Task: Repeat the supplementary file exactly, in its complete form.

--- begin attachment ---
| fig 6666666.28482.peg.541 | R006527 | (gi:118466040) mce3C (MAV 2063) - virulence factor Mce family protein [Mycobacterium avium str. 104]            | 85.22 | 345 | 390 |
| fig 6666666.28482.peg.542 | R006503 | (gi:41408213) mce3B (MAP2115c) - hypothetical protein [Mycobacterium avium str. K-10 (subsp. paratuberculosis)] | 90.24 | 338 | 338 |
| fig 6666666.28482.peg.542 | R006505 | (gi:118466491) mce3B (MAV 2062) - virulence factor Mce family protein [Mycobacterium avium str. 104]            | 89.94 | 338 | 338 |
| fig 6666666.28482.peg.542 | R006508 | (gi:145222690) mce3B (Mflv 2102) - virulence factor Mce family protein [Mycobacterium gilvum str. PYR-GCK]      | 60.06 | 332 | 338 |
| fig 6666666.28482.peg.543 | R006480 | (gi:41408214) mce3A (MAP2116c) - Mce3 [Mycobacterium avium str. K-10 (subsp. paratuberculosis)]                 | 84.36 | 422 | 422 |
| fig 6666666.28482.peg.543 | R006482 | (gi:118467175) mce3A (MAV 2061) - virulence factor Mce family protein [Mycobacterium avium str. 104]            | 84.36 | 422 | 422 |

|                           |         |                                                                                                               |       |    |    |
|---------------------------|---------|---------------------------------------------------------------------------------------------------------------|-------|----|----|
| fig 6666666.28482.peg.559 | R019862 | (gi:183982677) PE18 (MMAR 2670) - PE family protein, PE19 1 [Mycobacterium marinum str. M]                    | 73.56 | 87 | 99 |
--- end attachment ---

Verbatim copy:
| fig 6666666.28482.peg.541 | R006527 | (gi:118466040) mce3C (MAV 2063) - virulence factor Mce family protein [Mycobacterium avium str. 104]            | 85.22 | 345 | 390 |
| fig 6666666.28482.peg.542 | R006503 | (gi:41408213) mce3B (MAP2115c) - hypothetical protein [Mycobacterium avium str. K-10 (subsp. paratuberculosis)] | 90.24 | 338 | 338 |
| fig 6666666.28482.peg.542 | R006505 | (gi:118466491) mce3B (MAV 2062) - virulence factor Mce family protein [Mycobacterium avium str. 104]            | 89.94 | 338 | 338 |
| fig 6666666.28482.peg.542 | R006508 | (gi:145222690) mce3B (Mflv 2102) - virulence factor Mce family protein [Mycobacterium gilvum str. PYR-GCK]      | 60.06 | 332 | 338 |
| fig 6666666.28482.peg.543 | R006480 | (gi:41408214) mce3A (MAP2116c) - Mce3 [Mycobacterium avium str. K-10 (subsp. paratuberculosis)]                 | 84.36 | 422 | 422 |
| fig 6666666.28482.peg.543 | R006482 | (gi:118467175) mce3A (MAV 2061) - virulence factor Mce family protein [Mycobacterium avium str. 104]            | 84.36 | 422 | 422 |

|                           |         |                                                                                                               |       |    |    |
|---------------------------|---------|---------------------------------------------------------------------------------------------------------------|-------|----|----|
| fig 6666666.28482.peg.559 | R019862 | (gi:183982677) PE18 (MMAR 2670) - PE family protein, PE19 1 [Mycobacterium marinum str. M]                    | 73.56 | 87 | 99 |